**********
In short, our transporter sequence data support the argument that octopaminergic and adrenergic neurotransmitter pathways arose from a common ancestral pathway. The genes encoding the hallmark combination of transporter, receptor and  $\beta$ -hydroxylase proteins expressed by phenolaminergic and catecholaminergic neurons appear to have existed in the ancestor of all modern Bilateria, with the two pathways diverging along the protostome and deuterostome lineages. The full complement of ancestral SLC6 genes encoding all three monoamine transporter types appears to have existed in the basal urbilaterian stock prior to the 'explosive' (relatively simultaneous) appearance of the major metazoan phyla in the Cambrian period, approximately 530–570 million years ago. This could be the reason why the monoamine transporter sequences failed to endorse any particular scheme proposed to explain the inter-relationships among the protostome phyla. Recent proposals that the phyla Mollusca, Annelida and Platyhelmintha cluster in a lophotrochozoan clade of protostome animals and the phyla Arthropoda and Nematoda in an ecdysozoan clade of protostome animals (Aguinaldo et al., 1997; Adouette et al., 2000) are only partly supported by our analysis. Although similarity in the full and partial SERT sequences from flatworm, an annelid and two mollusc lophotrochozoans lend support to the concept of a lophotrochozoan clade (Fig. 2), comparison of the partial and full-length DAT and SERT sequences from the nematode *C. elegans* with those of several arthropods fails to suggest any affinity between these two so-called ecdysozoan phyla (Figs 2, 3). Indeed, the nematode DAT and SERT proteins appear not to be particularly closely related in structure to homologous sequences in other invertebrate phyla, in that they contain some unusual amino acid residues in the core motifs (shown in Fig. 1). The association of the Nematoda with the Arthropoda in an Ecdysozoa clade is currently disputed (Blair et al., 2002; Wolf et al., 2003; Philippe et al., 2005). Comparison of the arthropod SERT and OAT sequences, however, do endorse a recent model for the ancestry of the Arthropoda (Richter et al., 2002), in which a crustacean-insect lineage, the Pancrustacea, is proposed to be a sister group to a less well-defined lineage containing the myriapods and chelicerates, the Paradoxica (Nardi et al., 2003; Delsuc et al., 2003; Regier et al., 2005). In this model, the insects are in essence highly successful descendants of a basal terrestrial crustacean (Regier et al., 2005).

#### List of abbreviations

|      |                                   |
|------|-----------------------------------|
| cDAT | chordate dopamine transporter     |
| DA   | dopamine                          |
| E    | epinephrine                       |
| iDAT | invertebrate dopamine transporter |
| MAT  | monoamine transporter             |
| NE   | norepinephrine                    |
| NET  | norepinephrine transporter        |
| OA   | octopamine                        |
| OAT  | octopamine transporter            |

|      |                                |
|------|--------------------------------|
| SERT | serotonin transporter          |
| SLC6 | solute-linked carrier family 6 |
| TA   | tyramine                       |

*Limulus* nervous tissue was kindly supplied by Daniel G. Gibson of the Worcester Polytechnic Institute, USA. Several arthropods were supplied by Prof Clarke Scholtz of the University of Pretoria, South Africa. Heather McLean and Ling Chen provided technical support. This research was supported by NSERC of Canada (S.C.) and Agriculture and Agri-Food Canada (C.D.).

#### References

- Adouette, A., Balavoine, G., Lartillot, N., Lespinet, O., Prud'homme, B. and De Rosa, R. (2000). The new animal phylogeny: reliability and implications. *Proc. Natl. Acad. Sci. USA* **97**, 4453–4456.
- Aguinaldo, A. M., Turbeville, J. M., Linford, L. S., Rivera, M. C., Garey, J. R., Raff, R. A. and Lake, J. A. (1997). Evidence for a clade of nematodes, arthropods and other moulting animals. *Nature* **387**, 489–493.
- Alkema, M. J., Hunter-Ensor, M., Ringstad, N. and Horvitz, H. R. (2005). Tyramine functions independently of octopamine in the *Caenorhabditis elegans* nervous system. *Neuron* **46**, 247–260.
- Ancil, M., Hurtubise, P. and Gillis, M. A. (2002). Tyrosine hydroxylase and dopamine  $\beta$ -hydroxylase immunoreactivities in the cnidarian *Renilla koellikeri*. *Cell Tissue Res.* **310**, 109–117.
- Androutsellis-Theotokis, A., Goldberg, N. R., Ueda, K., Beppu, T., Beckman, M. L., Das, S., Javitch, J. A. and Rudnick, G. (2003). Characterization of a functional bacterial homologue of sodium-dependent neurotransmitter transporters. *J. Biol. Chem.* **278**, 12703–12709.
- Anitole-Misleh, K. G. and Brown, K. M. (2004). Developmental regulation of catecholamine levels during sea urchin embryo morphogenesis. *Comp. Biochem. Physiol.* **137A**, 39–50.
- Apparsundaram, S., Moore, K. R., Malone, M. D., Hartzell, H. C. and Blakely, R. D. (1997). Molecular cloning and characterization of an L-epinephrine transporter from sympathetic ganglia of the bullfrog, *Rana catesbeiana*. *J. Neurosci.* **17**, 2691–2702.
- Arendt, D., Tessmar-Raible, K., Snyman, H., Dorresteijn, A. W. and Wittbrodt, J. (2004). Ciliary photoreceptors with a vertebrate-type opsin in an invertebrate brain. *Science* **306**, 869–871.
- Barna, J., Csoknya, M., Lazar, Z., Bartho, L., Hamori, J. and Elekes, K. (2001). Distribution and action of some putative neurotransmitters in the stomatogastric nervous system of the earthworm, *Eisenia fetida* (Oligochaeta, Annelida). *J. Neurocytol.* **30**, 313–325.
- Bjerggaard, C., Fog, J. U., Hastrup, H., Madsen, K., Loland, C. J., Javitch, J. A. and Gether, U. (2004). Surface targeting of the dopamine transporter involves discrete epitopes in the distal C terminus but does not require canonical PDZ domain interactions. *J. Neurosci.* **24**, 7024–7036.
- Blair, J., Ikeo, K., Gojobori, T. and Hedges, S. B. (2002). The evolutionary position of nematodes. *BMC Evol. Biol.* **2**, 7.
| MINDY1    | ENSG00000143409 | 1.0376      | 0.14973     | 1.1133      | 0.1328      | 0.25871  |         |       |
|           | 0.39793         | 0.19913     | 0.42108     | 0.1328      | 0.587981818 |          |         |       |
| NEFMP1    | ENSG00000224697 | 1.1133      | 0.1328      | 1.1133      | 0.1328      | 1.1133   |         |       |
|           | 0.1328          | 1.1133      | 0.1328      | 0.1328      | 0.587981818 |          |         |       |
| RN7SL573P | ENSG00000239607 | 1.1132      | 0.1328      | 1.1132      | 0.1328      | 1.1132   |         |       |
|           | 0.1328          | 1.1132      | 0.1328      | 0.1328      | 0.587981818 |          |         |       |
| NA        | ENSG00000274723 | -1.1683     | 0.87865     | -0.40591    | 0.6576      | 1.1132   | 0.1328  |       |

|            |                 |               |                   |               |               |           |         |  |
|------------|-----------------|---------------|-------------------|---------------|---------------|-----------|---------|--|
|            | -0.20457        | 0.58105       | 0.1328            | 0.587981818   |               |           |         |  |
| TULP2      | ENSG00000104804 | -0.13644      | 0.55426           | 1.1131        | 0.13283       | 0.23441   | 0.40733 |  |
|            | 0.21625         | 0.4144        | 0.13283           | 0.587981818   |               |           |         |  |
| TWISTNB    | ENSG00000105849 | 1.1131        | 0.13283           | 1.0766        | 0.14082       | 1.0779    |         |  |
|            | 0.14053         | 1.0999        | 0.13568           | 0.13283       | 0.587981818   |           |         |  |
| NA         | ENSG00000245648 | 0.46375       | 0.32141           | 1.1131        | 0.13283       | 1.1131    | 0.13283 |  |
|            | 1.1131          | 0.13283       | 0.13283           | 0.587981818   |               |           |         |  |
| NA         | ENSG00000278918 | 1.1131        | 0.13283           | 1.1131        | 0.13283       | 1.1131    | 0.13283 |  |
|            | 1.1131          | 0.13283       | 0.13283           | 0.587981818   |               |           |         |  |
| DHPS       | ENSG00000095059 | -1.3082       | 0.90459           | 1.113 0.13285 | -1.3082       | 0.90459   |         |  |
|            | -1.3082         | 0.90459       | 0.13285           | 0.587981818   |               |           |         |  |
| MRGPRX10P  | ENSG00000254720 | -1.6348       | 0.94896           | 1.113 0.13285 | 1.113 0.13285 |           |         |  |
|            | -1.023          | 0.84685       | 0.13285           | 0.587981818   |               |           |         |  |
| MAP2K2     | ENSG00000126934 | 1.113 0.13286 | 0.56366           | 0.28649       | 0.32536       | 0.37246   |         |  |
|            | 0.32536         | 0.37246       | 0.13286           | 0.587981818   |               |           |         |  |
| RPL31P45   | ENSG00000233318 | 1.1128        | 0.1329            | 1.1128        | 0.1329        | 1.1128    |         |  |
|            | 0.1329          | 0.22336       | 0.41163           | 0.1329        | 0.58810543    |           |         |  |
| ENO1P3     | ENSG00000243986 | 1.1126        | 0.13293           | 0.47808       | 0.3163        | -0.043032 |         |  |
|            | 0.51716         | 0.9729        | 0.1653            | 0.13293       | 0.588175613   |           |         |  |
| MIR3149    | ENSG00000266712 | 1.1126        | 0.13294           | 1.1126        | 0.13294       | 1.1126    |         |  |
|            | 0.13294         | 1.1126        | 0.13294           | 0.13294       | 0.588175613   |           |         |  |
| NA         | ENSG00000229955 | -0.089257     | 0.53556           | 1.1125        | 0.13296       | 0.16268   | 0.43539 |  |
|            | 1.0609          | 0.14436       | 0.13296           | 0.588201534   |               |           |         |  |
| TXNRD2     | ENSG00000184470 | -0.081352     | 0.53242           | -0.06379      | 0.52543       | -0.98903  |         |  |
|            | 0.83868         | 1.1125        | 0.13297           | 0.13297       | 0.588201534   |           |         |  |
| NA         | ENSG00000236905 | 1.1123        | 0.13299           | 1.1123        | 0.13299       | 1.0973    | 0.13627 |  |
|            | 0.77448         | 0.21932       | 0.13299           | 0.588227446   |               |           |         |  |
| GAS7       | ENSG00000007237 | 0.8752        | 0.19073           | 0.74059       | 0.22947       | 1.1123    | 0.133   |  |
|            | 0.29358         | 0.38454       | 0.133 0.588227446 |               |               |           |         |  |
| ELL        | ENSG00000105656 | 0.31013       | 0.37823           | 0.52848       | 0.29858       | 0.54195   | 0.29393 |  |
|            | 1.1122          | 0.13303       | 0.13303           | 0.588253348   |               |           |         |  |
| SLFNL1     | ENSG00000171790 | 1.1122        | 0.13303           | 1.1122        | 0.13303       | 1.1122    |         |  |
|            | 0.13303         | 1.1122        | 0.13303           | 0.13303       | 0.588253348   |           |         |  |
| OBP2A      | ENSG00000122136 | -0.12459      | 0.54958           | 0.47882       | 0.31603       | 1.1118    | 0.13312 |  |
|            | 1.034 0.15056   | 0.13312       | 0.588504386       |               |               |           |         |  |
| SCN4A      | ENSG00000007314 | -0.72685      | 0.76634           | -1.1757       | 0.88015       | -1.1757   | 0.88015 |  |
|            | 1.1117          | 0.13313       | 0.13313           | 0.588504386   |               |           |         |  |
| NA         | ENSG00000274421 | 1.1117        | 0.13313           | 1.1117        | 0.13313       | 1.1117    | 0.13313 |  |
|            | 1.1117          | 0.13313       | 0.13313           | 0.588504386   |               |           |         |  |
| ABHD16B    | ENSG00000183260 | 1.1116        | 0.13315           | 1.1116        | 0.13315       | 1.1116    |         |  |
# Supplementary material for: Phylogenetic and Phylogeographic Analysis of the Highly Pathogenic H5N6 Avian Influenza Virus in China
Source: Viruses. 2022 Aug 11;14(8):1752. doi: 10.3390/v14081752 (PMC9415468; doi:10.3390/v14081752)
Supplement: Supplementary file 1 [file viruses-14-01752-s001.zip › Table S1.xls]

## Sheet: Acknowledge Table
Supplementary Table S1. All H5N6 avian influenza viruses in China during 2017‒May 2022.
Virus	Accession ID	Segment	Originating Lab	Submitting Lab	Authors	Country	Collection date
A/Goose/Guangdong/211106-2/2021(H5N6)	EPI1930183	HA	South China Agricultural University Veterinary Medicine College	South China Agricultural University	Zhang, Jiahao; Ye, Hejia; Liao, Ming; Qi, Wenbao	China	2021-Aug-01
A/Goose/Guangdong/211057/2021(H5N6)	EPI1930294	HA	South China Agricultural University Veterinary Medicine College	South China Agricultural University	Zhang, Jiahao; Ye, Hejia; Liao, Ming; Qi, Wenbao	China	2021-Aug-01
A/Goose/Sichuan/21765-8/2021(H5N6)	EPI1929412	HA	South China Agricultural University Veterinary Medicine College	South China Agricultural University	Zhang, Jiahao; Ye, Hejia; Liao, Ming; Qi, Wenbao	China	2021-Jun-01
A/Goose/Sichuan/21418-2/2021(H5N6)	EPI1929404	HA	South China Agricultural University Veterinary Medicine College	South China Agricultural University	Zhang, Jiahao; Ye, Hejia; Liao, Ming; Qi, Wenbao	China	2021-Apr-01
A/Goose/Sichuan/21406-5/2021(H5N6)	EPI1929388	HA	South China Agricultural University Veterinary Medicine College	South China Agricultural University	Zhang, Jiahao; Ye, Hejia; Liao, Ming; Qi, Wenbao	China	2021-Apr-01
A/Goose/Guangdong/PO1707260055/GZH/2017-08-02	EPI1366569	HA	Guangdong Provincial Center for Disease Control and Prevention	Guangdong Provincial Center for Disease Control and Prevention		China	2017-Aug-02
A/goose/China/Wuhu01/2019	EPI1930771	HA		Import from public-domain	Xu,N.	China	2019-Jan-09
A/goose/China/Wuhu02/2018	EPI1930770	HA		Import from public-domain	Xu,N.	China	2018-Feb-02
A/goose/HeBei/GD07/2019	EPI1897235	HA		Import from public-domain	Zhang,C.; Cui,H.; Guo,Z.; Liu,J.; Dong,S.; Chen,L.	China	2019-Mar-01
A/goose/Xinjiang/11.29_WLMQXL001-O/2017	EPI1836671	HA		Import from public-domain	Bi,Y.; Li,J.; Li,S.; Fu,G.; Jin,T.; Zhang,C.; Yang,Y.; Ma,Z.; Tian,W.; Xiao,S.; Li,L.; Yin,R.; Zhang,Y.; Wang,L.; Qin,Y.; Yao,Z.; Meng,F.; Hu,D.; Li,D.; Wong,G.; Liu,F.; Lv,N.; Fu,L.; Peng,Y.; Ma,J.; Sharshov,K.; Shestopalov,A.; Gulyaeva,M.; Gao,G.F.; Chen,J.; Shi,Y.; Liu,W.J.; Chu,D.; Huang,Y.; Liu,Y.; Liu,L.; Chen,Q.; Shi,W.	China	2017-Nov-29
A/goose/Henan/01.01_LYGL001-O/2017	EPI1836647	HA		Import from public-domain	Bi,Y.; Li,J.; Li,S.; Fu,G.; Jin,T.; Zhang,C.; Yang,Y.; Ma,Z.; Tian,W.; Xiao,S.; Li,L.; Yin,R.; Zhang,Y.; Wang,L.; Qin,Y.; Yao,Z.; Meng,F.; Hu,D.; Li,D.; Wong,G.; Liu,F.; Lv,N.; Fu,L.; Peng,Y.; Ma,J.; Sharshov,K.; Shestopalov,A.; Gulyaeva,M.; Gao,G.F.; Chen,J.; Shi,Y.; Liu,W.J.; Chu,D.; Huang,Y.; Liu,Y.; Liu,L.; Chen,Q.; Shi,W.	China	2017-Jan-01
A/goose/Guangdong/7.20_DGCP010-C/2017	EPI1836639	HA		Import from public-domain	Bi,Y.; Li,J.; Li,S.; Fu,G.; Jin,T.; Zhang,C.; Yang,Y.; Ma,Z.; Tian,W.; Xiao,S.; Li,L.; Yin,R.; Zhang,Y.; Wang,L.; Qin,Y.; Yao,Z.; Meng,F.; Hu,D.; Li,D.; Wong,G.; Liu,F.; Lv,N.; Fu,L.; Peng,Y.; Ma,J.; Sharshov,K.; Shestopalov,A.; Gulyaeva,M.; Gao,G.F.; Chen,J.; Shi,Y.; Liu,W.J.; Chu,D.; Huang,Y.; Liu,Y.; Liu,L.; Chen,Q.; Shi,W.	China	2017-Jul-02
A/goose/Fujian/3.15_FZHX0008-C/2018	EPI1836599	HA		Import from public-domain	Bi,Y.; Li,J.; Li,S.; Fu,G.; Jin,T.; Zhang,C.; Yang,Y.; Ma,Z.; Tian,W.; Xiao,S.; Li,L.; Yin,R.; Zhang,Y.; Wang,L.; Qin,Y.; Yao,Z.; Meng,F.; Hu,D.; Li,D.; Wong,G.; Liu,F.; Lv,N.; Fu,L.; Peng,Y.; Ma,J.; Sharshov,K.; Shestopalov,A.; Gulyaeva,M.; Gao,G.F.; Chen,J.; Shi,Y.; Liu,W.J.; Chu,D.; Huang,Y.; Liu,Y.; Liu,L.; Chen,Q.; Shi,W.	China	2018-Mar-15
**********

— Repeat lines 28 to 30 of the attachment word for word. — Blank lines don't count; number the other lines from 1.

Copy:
- Arendt, D., Tessmar-Raible, K., Snyman, H., Dorresteijn, A. W. and Wittbrodt, J. (2004). Ciliary photoreceptors with a vertebrate-type opsin in an invertebrate brain. *Science* **306**, 869–871.
- Barna, J., Csoknya, M., Lazar, Z., Bartho, L., Hamori, J. and Elekes, K. (2001). Distribution and action of some putative neurotransmitters in the stomatogastric nervous system of the earthworm, *Eisenia fetida* (Oligochaeta, Annelida). *J. Neurocytol.* **30**, 313–325.
- Bjerggaard, C., Fog, J. U., Hastrup, H., Madsen, K., Loland, C. J., Javitch, J. A. and Gether, U. (2004). Surface targeting of the dopamine transporter involves discrete epitopes in the distal C terminus but does not require canonical PDZ domain interactions. *J. Neurosci.* **24**, 7024–7036.